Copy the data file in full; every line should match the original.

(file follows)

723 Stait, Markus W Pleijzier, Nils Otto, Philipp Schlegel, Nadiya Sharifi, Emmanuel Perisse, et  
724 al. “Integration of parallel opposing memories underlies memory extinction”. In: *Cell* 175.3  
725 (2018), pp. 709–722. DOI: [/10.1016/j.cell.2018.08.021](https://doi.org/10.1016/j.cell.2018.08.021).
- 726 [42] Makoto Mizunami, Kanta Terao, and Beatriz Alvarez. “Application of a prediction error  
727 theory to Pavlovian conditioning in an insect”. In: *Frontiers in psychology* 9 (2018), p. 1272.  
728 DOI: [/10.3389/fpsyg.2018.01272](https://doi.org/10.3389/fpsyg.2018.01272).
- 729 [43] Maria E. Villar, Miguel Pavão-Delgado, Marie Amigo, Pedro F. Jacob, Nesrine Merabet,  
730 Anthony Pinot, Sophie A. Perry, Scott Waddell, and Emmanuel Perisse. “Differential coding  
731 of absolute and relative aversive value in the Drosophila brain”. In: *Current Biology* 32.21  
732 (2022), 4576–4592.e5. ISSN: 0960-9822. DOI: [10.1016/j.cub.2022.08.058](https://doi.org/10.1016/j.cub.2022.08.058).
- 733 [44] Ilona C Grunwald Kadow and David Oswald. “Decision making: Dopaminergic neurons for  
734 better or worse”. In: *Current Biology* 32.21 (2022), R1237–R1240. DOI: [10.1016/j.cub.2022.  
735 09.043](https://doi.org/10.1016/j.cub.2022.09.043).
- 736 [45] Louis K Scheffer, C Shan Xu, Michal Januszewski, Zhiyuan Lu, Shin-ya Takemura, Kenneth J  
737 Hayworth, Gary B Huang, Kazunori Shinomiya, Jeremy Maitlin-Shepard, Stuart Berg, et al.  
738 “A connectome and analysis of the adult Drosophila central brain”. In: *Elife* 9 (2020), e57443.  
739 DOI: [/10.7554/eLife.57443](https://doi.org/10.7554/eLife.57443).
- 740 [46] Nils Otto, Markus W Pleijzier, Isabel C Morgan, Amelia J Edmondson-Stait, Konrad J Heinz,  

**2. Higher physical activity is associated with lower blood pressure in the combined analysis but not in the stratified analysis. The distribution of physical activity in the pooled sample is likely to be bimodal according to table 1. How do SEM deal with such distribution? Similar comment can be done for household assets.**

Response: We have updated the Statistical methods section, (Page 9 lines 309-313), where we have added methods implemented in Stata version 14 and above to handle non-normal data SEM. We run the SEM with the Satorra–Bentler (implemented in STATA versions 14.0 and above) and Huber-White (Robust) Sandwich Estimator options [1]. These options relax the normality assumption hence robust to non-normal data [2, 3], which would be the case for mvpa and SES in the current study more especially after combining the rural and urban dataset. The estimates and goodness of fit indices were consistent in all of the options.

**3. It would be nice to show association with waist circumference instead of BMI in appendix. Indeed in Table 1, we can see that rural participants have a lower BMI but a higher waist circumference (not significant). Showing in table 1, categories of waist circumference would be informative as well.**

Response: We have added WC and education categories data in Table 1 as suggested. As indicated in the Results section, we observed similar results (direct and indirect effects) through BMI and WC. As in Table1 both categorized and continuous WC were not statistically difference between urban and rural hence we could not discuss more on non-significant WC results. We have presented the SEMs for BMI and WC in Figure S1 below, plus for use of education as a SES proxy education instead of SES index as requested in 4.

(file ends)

723 Stait, Markus W Pleijzier, Nils Otto, Philipp Schlegel, Nadiya Sharifi, Emmanuel Perisse, et  
724 al. “Integration of parallel opposing memories underlies memory extinction”. In: *Cell* 175.3  
725 (2018), pp. 709–722. DOI: [/10.1016/j.cell.2018.08.021](https://doi.org/10.1016/j.cell.2018.08.021).
- 726 [42] Makoto Mizunami, Kanta Terao, and Beatriz Alvarez. “Application of a prediction error  
727 theory to Pavlovian conditioning in an insect”. In: *Frontiers in psychology* 9 (2018), p. 1272.  
728 DOI: [/10.3389/fpsyg.2018.01272](https://doi.org/10.3389/fpsyg.2018.01272).
- 729 [43] Maria E. Villar, Miguel Pavão-Delgado, Marie Amigo, Pedro F. Jacob, Nesrine Merabet,  
730 Anthony Pinot, Sophie A. Perry, Scott Waddell, and Emmanuel Perisse. “Differential coding  
731 of absolute and relative aversive value in the Drosophila brain”. In: *Current Biology* 32.21  
732 (2022), 4576–4592.e5. ISSN: 0960-9822. DOI: [10.1016/j.cub.2022.08.058](https://doi.org/10.1016/j.cub.2022.08.058).
- 733 [44] Ilona C Grunwald Kadow and David Oswald. “Decision making: Dopaminergic neurons for  
734 better or worse”. In: *Current Biology* 32.21 (2022), R1237–R1240. DOI: [10.1016/j.cub.2022.  
735 09.043](https://doi.org/10.1016/j.cub.2022.09.043).
- 736 [45] Louis K Scheffer, C Shan Xu, Michal Januszewski, Zhiyuan Lu, Shin-ya Takemura, Kenneth J  
737 Hayworth, Gary B Huang, Kazunori Shinomiya, Jeremy Maitlin-Shepard, Stuart Berg, et al.  
738 “A connectome and analysis of the adult Drosophila central brain”. In: *Elife* 9 (2020), e57443.  
739 DOI: [/10.7554/eLife.57443](https://doi.org/10.7554/eLife.57443).
- 740 [46] Nils Otto, Markus W Pleijzier, Isabel C Morgan, Amelia J Edmondson-Stait, Konrad J Heinz,  

**2. Higher physical activity is associated with lower blood pressure in the combined analysis but not in the stratified analysis. The distribution of physical activity in the pooled sample is likely to be bimodal according to table 1. How do SEM deal with such distribution? Similar comment can be done for household assets.**

Response: We have updated the Statistical methods section, (Page 9 lines 309-313), where we have added methods implemented in Stata version 14 and above to handle non-normal data SEM. We run the SEM with the Satorra–Bentler (implemented in STATA versions 14.0 and above) and Huber-White (Robust) Sandwich Estimator options [1]. These options relax the normality assumption hence robust to non-normal data [2, 3], which would be the case for mvpa and SES in the current study more especially after combining the rural and urban dataset. The estimates and goodness of fit indices were consistent in all of the options.

**3. It would be nice to show association with waist circumference instead of BMI in appendix. Indeed in Table 1, we can see that rural participants have a lower BMI but a higher waist circumference (not significant). Showing in table 1, categories of waist circumference would be informative as well.**

Response: We have added WC and education categories data in Table 1 as suggested. As indicated in the Results section, we observed similar results (direct and indirect effects) through BMI and WC. As in Table1 both categorized and continuous WC were not statistically difference between urban and rural hence we could not discuss more on non-significant WC results. We have presented the SEMs for BMI and WC in Figure S1 below, plus for use of education as a SES proxy education instead of SES index as requested in 4.